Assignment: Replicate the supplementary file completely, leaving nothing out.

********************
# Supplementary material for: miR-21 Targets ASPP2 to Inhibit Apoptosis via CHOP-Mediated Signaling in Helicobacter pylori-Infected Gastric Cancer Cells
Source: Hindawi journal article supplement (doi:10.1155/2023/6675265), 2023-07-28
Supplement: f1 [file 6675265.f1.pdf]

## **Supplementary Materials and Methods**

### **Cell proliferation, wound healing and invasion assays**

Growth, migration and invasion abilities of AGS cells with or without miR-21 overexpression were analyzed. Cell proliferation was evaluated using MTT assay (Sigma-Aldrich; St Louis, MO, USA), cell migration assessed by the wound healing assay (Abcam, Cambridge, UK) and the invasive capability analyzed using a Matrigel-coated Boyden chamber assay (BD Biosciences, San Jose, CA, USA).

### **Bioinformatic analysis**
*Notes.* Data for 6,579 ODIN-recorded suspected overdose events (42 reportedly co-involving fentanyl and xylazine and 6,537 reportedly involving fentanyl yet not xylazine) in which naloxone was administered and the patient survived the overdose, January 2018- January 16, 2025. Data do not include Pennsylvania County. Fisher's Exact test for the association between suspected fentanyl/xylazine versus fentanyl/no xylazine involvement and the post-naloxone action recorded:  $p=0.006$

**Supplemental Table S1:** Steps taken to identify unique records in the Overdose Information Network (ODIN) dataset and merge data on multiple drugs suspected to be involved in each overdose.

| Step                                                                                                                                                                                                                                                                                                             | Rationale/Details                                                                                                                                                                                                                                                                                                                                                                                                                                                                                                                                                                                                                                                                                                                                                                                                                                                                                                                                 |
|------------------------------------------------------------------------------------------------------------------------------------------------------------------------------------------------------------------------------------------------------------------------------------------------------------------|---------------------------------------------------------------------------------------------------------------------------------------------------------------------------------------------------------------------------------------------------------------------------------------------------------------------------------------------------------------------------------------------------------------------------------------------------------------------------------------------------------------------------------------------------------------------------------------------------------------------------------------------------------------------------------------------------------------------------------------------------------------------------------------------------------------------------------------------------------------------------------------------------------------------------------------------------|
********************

# Supplementary material for: miR-21 Targets ASPP2 to Inhibit Apoptosis via CHOP-Mediated Signaling in Helicobacter pylori-Infected Gastric Cancer Cells
Source: Hindawi journal article supplement (doi:10.1155/2023/6675265), 2023-07-28
Supplement: f1 [file 6675265.f1.pdf]

## **Supplementary Materials and Methods**

### **Cell proliferation, wound healing and invasion assays**

Growth, migration and invasion abilities of AGS cells with or without miR-21 overexpression were analyzed. Cell proliferation was evaluated using MTT assay (Sigma-Aldrich; St Louis, MO, USA), cell migration assessed by the wound healing assay (Abcam, Cambridge, UK) and the invasive capability analyzed using a Matrigel-coated Boyden chamber assay (BD Biosciences, San Jose, CA, USA).

### **Bioinformatic analysis**
*Notes.* Data for 6,579 ODIN-recorded suspected overdose events (42 reportedly co-involving fentanyl and xylazine and 6,537 reportedly involving fentanyl yet not xylazine) in which naloxone was administered and the patient survived the overdose, January 2018- January 16, 2025. Data do not include Pennsylvania County. Fisher's Exact test for the association between suspected fentanyl/xylazine versus fentanyl/no xylazine involvement and the post-naloxone action recorded:  $p=0.006$

**Supplemental Table S1:** Steps taken to identify unique records in the Overdose Information Network (ODIN) dataset and merge data on multiple drugs suspected to be involved in each overdose.

| Step                                                                                                                                                                                                                                                                                                             | Rationale/Details                                                                                                                                                                                                                                                                                                                                                                                                                                                                                                                                                                                                                                                                                                                                                                                                                                                                                                                                 |
|------------------------------------------------------------------------------------------------------------------------------------------------------------------------------------------------------------------------------------------------------------------------------------------------------------------|---------------------------------------------------------------------------------------------------------------------------------------------------------------------------------------------------------------------------------------------------------------------------------------------------------------------------------------------------------------------------------------------------------------------------------------------------------------------------------------------------------------------------------------------------------------------------------------------------------------------------------------------------------------------------------------------------------------------------------------------------------------------------------------------------------------------------------------------------------------------------------------------------------------------------------------------------|